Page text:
One of the biggest lessons I’ve learned over the last few years of being a Church Communicator is that what works for the church down the road may not necessarily work for your church. And, oftentimes, you’re better off not even implementing it in the first place. That’s because every church has their own unique needs, resources, community demographics, and dynamics. There’s another little lesson tied up in this about being yourself. Just because something works great or looks good for megachurches like Elevation and Hillsong doesn’t mean that it will work great or look good for your church of 56 people, yo.
But that’s another blog post for another day.
I’ve also learned that implementing technology at smaller traditional churches often has to be done gradually and with an understanding that certain folks will basically think you’re The Borg from Star Trek.
In other words, they won’t like it and they’ll either oppose the transition or they’ll just leave altogether rather than undergo what they think is a full-blown assimilation of everything they hold dear. You need to be prepared for that. I’ve seen both happen. Sometimes this is a sign that the particular tech isn’t meant for your church in the first place — whether that’s a social media platform like Instagram or a fancy lighting console that looks like something off the bridge of the Enterprise. (Ok, enough with the Trekkie metaphors.) Or it could mean that you were indeed supposed to introduce new forms of technology and God was going to prune those people from your church body anyway.
Nobody says you have to be — or should even try to be — Elevation or Hillsong. But the Church should reach its community. To do that, it has to communicate with the community. And you need technology to make that happen. It’s nothing to be scared of and, to be honest, most of it is easier to manage than you think. Here are a few essentials I always recommend to smaller churches pursuing revitalization in this area:
1. Social Media Presence — I place this one at the top because it’s not just simple and easy to learn, but it’s also free. Even if you’re a small church that doesn’t want to spring for a website and pay for things like hosting, domain names, or sermon audio storage, the very least you can do is create a Facebook Page and invite your congregants to “like” and “follow” it. Then use it to reach the local community as you post your events, respond to comments, reply to messages, etc. If you’re social media savvy and have the time to dedicate to other platforms like Instagram and Twitter, then go for it. But, if nothing else, you should be on Facebook. I’d be willing to bet a lot of your people are there too.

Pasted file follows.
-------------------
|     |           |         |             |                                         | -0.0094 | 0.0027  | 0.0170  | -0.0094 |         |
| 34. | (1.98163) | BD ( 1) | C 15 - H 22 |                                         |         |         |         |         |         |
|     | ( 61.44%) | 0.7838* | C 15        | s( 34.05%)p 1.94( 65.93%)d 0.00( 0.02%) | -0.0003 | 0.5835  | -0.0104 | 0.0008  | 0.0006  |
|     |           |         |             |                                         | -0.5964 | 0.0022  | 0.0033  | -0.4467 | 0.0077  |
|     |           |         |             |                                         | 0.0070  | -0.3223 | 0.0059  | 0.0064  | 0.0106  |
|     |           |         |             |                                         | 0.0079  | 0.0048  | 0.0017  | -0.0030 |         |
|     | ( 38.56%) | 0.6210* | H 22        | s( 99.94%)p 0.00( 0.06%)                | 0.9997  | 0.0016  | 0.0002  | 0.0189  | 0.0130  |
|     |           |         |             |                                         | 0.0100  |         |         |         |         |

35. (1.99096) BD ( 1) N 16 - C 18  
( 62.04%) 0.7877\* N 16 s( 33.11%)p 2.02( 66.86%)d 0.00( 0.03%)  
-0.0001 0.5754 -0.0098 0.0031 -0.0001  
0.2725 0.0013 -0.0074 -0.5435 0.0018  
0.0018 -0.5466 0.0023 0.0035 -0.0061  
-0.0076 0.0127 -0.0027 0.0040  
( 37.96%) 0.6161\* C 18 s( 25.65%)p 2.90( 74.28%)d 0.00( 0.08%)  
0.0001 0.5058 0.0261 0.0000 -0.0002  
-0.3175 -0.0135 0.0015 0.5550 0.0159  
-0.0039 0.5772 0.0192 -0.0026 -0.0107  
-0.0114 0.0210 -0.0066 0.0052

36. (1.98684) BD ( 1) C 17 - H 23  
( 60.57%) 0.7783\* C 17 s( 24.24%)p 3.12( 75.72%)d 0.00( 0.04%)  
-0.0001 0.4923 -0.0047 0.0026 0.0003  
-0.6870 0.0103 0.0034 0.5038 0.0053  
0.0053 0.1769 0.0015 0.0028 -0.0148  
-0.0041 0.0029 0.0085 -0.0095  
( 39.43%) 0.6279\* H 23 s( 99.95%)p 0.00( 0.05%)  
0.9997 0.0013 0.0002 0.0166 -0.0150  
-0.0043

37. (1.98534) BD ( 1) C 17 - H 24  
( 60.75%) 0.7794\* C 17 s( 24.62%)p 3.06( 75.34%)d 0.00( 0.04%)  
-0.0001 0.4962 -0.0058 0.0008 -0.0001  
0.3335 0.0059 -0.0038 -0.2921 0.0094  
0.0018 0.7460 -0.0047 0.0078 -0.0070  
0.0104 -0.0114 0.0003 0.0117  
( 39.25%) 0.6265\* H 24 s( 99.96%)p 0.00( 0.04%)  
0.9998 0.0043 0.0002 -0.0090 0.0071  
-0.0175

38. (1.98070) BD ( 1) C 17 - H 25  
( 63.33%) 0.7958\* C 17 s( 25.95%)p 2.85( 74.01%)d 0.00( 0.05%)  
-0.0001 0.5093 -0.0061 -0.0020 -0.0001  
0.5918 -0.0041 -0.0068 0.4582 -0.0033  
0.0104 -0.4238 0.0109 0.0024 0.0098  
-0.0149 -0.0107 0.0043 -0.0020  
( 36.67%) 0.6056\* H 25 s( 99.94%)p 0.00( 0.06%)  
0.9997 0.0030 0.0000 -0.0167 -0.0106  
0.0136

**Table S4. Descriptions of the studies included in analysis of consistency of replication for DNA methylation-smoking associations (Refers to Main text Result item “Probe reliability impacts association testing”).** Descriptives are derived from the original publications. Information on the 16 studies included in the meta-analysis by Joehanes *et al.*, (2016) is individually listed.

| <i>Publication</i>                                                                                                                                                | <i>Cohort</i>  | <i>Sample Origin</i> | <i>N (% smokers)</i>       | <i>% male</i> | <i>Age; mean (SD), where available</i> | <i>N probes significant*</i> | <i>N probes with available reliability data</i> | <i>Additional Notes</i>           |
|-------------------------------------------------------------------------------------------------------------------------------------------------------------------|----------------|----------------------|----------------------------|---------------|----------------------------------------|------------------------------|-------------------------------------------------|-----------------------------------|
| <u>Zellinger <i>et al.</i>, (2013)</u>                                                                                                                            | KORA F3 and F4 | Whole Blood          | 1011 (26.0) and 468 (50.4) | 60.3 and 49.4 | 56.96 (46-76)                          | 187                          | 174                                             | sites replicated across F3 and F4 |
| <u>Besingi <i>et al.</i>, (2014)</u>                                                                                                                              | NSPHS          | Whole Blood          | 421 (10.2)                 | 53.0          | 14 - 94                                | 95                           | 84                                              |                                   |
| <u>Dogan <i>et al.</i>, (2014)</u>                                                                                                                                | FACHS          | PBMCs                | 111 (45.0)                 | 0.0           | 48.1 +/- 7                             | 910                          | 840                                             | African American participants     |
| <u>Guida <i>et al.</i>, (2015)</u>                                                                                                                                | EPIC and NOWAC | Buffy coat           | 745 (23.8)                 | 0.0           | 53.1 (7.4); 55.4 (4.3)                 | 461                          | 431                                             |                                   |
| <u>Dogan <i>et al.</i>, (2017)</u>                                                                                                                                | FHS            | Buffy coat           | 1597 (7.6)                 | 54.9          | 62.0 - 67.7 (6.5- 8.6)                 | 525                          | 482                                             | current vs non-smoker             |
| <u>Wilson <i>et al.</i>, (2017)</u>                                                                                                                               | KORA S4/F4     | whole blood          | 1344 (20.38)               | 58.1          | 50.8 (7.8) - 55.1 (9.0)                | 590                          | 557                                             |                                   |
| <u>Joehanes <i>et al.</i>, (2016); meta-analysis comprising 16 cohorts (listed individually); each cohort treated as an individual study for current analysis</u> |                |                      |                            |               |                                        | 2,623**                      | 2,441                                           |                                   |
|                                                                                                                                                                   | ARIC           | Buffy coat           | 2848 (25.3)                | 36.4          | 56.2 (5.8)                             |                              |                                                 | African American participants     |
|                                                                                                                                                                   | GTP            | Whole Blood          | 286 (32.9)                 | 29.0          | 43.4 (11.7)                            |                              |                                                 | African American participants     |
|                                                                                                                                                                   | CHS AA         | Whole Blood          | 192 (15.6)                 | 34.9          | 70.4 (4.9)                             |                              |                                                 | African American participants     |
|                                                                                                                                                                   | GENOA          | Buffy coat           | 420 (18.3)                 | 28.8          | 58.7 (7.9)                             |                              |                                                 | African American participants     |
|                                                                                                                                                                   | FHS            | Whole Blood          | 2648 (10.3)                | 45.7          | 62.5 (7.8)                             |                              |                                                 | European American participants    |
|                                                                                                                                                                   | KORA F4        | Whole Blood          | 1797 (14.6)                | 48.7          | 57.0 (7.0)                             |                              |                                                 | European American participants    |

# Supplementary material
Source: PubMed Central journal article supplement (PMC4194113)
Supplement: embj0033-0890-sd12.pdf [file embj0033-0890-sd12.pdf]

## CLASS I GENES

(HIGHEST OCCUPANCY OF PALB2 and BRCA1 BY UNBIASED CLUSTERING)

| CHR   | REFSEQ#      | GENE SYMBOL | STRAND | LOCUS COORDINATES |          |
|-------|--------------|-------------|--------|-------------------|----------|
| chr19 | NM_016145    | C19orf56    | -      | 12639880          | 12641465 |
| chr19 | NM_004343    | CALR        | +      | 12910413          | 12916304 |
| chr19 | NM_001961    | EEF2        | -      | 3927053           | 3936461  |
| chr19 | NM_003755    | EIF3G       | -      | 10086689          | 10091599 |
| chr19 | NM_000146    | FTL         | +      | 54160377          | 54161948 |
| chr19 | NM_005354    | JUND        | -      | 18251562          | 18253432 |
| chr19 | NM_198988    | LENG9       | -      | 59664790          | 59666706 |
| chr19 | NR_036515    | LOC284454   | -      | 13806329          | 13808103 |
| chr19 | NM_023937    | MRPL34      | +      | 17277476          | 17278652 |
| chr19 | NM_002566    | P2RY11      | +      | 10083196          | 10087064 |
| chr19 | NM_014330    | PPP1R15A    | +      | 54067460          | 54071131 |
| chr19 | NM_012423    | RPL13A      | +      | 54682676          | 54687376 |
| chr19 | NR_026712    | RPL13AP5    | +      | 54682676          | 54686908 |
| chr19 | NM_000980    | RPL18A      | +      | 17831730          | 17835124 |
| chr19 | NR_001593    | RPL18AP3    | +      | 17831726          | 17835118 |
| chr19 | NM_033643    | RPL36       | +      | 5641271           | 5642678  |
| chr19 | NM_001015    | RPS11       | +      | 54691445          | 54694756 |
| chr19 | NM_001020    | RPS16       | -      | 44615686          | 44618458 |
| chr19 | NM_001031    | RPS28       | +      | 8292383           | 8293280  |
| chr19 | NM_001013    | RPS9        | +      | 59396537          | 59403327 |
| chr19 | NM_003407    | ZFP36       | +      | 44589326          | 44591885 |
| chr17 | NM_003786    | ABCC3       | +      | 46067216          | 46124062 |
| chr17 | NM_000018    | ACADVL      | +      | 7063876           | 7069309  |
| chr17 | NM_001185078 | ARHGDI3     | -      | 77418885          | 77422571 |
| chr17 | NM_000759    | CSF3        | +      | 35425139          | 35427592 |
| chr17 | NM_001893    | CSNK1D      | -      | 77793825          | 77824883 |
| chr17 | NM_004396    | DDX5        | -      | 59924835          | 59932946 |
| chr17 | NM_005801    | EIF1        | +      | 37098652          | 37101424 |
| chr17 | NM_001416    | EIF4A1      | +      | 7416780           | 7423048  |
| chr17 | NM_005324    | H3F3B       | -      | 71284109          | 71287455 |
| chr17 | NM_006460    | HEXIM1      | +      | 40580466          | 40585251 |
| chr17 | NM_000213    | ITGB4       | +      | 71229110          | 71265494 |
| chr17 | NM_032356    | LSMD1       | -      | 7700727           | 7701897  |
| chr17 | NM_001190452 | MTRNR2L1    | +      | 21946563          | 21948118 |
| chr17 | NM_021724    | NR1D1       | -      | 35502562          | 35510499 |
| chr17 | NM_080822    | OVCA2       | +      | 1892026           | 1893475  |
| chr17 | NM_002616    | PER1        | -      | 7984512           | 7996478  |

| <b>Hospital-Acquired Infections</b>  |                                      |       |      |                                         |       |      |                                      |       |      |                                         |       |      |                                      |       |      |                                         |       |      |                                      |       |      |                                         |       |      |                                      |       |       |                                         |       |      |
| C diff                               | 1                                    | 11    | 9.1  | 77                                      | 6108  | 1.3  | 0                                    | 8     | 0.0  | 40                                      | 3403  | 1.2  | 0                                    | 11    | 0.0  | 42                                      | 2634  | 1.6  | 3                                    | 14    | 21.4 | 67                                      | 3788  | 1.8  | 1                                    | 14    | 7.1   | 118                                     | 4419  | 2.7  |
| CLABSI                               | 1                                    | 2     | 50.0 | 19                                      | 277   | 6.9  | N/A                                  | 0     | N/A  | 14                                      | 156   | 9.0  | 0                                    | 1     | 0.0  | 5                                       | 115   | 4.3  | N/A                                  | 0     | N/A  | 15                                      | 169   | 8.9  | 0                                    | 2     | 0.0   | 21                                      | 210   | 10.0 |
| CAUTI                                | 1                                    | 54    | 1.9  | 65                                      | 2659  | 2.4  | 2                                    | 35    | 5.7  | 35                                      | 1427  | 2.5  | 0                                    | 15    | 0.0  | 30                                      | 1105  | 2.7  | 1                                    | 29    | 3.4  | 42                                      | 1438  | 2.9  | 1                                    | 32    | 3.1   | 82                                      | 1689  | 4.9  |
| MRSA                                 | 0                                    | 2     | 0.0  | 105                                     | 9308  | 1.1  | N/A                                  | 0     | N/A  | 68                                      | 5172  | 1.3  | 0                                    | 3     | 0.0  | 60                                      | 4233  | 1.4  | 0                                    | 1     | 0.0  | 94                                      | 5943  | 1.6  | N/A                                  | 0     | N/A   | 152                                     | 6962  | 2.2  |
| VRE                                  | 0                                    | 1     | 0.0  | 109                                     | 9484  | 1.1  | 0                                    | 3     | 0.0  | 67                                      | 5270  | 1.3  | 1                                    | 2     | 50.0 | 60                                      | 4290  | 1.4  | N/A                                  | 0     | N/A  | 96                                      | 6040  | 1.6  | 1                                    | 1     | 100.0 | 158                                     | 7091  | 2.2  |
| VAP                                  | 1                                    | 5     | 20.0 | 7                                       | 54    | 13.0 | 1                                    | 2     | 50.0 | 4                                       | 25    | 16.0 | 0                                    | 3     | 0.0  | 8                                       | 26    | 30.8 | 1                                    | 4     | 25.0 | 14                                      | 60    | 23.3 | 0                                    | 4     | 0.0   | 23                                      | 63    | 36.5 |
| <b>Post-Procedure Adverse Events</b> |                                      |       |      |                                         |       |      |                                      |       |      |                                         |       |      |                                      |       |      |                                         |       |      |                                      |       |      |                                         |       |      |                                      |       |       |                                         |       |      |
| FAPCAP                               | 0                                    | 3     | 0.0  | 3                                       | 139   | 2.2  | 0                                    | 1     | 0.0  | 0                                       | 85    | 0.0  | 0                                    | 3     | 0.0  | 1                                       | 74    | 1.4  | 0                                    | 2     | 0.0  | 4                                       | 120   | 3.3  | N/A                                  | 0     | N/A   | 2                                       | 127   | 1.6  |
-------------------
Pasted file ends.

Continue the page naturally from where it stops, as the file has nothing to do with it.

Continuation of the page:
2. Website — This is almost as equally as important because, as we say in this biz, it’s the “front door” of your church. People are going to find you online before they ever set foot inside your physical building. If you don’t have a website at all, you have no chance of showing up in Google search results for churches in your area. They may never even know you exist. If you do have one, make sure it’s well maintained, up-to-date, and attractively designed. It doesn’t have to be flashy or impressive. It just needs to communicate the basics and work well for engagement and information. WordPress is a good tool for smaller churches. There’s a free version (WordPress.com), but if you want to get your own custom domain name, you will need to have some funds set aside for that and use WordPress.org instead. The set-up is a little more tedious, but you will have more control over your site, domain name, and design.
3. PowerPoint; digital projectors — Whether you have projectors and screens or flatscreen TVs, you need to be able to display audio/visual content in your sanctuary such as song lyrics, sermon notes/graphics, and/or videos. Make sure the laptop or computer you’re using is outfitted with a presentation software like PowerPoint, ProPresenter, or Keynote.
4. Canva — Canva.com is a free graphic design program/website where you can set up an account (or link it to your Facebook or Google account) and create social media graphics and just about anything else you can imagine. From business cards and newsletters to flyers and brochures, there’s an endless amount of templates and handy design tools. It’s easy to learn and very convenient. The only downside is that you’ll need to be connected to WiFi if you’re using the free web version.
5. Unsplash and Pixabay — These two websites offer thousands of hi-res photos taken by talented photographers, many of whom are professionals. And every photograph is free to download and to use on your website, social media, sermon graphic, or wherever you need to implement it. No fees. No attribution necessary. Think of it like stock photography that you didn’t have to pay for.
A FINAL CAUTION:
While tech is great, it won’t ever be able to replace real people, real relationships, and real ministry. These five things are just tools to help your church be more effective at community outreach. Whatever you do, don’t become The Borg.
What are some basic tech essentials you can't live without or suggest for small churches undergoing tech revitalization? Leave your thoughts in the comment thread below.
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